It has become the modern-day bogeyman of marijuana reform: “Big Weed.” This is the label attached to a perceived threat posed by large corporations that want a share of the legal cannabis market.
The worry is that these companies will morph into something like Big Tobacco, as the largest cigarette manufacturers are collectively known. Marijuana marketing will target children and there will be little concern for the potential negative consequences of legalization. So the thinking goes.
Even many cannabis proponents feel this way. But are they right? Is Big Marijuana really a serious threat to the future of reform?
As a general matter, there really is no answer to these questions, at least not anything conclusive. There is no Big Marijuana as of yet, and it doesn’t appear any such scenario will come to pass in the immediate future. On the other hand, some of these corporations are salivating to join the legal market and may simply be waiting for the first opportunity.
Industry currently made up of small, regional companies
Few if any major national or international businesses have tried to plant a stake in the industry as of yet. Most legal marijuana providers are small or regional companies in states where the drug is allowed for recreation and medicine.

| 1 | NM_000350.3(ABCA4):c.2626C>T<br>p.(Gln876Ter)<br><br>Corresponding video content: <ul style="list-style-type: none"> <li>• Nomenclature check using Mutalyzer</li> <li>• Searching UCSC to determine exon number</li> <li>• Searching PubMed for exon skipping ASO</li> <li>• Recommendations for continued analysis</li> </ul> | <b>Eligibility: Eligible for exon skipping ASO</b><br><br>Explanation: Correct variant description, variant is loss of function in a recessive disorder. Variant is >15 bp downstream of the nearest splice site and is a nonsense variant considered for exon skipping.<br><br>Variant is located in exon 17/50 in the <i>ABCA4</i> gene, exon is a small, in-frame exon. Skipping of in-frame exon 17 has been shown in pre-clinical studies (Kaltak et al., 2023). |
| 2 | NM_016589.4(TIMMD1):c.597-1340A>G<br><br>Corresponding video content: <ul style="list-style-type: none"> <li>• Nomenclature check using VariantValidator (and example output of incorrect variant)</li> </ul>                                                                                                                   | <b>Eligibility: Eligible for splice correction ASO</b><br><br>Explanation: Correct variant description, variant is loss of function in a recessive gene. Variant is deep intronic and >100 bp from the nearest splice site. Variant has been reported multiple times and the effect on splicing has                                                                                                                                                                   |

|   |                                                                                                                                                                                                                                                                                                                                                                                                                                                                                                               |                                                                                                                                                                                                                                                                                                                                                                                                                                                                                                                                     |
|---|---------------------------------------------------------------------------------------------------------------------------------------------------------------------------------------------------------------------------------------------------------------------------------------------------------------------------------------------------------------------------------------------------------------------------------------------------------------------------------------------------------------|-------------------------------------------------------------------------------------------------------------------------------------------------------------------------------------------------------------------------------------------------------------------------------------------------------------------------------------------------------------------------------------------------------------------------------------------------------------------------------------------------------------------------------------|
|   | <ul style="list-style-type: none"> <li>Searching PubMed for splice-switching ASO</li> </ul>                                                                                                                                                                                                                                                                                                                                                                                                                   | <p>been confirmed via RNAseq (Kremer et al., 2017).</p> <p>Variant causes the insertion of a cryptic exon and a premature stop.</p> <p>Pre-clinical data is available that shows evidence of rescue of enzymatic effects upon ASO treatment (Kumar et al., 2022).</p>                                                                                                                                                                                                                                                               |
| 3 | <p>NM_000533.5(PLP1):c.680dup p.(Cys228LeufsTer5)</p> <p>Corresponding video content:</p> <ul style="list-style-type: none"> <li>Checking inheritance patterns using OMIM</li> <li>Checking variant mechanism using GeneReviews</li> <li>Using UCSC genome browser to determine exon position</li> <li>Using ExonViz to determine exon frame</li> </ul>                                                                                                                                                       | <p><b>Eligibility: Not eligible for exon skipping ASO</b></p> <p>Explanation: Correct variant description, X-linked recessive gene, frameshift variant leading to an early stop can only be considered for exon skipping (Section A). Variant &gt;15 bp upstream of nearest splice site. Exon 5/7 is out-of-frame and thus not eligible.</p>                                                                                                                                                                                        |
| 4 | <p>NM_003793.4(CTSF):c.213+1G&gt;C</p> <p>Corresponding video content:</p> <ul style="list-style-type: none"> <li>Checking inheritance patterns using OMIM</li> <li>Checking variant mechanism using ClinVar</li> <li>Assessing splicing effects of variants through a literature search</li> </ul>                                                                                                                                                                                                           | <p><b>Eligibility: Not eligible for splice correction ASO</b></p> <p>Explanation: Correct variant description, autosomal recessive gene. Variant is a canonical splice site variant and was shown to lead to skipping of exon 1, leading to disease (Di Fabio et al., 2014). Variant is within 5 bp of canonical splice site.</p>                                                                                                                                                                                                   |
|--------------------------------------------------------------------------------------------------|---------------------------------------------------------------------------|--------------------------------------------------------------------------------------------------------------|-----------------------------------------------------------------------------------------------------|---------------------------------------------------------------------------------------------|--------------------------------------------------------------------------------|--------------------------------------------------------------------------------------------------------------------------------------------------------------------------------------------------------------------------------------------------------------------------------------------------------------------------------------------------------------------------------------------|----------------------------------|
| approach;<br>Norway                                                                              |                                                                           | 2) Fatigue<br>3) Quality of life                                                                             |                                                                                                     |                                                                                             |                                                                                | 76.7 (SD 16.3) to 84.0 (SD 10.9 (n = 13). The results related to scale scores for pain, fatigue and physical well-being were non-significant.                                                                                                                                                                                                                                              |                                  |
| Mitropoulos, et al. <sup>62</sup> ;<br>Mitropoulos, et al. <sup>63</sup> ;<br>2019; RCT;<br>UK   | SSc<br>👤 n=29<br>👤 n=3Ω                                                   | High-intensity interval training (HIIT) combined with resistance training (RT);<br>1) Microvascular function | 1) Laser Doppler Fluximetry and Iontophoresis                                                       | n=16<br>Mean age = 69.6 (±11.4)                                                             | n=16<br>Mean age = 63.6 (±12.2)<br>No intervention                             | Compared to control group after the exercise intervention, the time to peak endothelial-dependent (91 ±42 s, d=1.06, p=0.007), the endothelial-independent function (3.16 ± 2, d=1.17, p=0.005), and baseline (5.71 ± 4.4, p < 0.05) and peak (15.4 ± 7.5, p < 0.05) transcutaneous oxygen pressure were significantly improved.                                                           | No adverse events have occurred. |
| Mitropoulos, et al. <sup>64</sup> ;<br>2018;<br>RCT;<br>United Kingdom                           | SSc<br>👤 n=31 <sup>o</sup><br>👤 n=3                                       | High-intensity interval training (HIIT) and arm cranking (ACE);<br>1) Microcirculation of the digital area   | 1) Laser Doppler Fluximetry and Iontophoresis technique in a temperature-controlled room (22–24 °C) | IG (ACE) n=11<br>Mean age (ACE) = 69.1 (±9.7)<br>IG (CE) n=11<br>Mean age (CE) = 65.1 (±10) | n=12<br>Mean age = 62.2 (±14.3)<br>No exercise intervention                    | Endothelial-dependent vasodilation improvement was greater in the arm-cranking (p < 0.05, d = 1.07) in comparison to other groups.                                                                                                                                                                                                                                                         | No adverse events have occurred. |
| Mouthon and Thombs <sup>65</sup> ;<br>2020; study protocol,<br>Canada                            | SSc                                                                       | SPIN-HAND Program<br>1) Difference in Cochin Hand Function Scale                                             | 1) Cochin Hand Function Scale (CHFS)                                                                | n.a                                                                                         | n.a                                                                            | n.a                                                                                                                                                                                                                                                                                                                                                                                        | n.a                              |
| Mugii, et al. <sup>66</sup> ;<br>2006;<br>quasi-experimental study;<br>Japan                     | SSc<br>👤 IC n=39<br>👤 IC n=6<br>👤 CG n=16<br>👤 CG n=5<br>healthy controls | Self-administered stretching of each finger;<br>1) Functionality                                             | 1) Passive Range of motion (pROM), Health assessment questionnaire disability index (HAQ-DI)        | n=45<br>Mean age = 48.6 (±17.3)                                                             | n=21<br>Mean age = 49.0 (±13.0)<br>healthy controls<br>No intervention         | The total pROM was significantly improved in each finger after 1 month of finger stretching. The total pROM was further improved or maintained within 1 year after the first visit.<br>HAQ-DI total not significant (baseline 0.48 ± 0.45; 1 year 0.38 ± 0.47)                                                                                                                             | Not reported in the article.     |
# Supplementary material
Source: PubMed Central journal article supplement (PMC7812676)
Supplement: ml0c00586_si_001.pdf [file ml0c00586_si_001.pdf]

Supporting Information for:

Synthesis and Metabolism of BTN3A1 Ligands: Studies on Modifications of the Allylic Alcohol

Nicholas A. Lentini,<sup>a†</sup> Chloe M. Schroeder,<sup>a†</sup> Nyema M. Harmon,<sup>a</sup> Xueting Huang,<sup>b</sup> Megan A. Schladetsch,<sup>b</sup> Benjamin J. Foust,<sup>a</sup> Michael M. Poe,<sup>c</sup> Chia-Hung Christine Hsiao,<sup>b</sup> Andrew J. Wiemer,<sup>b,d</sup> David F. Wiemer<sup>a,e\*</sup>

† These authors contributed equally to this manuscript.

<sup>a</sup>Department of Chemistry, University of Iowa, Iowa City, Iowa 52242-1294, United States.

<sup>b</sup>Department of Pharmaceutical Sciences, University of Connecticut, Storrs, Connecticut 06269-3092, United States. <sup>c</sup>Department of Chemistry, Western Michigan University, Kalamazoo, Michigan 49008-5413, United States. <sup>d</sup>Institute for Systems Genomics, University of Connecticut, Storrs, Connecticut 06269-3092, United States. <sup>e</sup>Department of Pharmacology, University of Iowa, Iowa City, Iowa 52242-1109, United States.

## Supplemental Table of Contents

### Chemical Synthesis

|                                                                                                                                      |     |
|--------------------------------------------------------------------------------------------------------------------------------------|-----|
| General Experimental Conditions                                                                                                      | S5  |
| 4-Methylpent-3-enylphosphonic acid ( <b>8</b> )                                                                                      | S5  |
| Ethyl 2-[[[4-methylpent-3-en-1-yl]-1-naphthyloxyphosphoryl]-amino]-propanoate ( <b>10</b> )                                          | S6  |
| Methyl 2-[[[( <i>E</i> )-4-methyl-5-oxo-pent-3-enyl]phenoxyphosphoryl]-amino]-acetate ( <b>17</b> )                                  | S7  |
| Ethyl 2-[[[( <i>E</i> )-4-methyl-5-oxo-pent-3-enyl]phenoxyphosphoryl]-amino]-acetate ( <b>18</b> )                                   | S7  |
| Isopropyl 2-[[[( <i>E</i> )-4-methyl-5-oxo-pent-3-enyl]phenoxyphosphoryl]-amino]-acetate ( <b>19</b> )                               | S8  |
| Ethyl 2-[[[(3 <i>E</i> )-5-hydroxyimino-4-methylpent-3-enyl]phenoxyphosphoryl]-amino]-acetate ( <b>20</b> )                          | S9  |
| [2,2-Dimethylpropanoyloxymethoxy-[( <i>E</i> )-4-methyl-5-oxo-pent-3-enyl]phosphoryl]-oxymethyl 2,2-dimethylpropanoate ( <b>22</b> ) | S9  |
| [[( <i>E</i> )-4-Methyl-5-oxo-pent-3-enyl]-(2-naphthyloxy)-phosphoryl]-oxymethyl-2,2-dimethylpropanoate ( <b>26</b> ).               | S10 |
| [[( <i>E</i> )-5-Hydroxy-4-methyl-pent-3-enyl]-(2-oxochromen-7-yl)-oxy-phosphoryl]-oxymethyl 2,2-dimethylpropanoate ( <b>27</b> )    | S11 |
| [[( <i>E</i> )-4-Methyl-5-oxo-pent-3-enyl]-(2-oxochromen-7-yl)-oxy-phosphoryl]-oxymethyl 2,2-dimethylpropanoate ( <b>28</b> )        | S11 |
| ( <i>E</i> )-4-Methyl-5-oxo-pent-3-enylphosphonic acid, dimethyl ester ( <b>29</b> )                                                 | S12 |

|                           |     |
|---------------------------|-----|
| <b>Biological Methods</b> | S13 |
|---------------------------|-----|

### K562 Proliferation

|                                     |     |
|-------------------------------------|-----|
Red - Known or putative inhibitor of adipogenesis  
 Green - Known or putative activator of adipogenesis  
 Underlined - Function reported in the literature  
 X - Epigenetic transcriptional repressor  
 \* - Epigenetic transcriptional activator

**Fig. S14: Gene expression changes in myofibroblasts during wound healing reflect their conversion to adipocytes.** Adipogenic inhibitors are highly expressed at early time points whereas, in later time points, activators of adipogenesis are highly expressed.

What’s more, Colorado and other such states explicitly ban outside investments in the industry. So while multi-national corporations may want in, their location outside of these states makes that impossible – at least for now.
Will big business enter later?
But what if that changes? Won’t big businesses come swooping in if the rules are loosened in the future? And once legalization spreads, isn’t this inevitable?
The answer to the first question is almost certainly yes. There are many billions of dollars to be had in a post-legalization America, and any company that might be able to get some of that money will have a strong motivation to try.
That said, there are specific reasons not to fear the imminent approach of Big Weed. For one thing, the legal cannabis market is still very new, and that means there are few large corporations prepared to joint it. A massive international bank might be able to infuse Colorado pot businesses with cash once it’s legal to do so, but that bank doesn’t have the know-how to run its own dispensaries.
Restrictions have been put in place
For another thing, no combination of big business will ever make marijuana any more dangerous than it is now. Big Tobacco had a massive lie to sell – and did a tremendous job selling it, at least for many decades. There is no such lie central to the sale of cannabis, unless you count the lies told over the years by the people who want to ban the drug.
What’s more, we have already dealt with Big Tobacco, so we should be much more prepared to deal with Big Weed, if it comes to pass. If providers were to start targeting ads toward minors, for example, there are already laws in place that could stop the ads and punish the advertisers.
Ultimately, Big Marijuana does not pose much of a threat, at least not in the near future. Capitalism is always capable of running amok, especially when drugs are involved, but that doesn’t mean disaster is imminent, and it doesn’t mean it’s inevitable.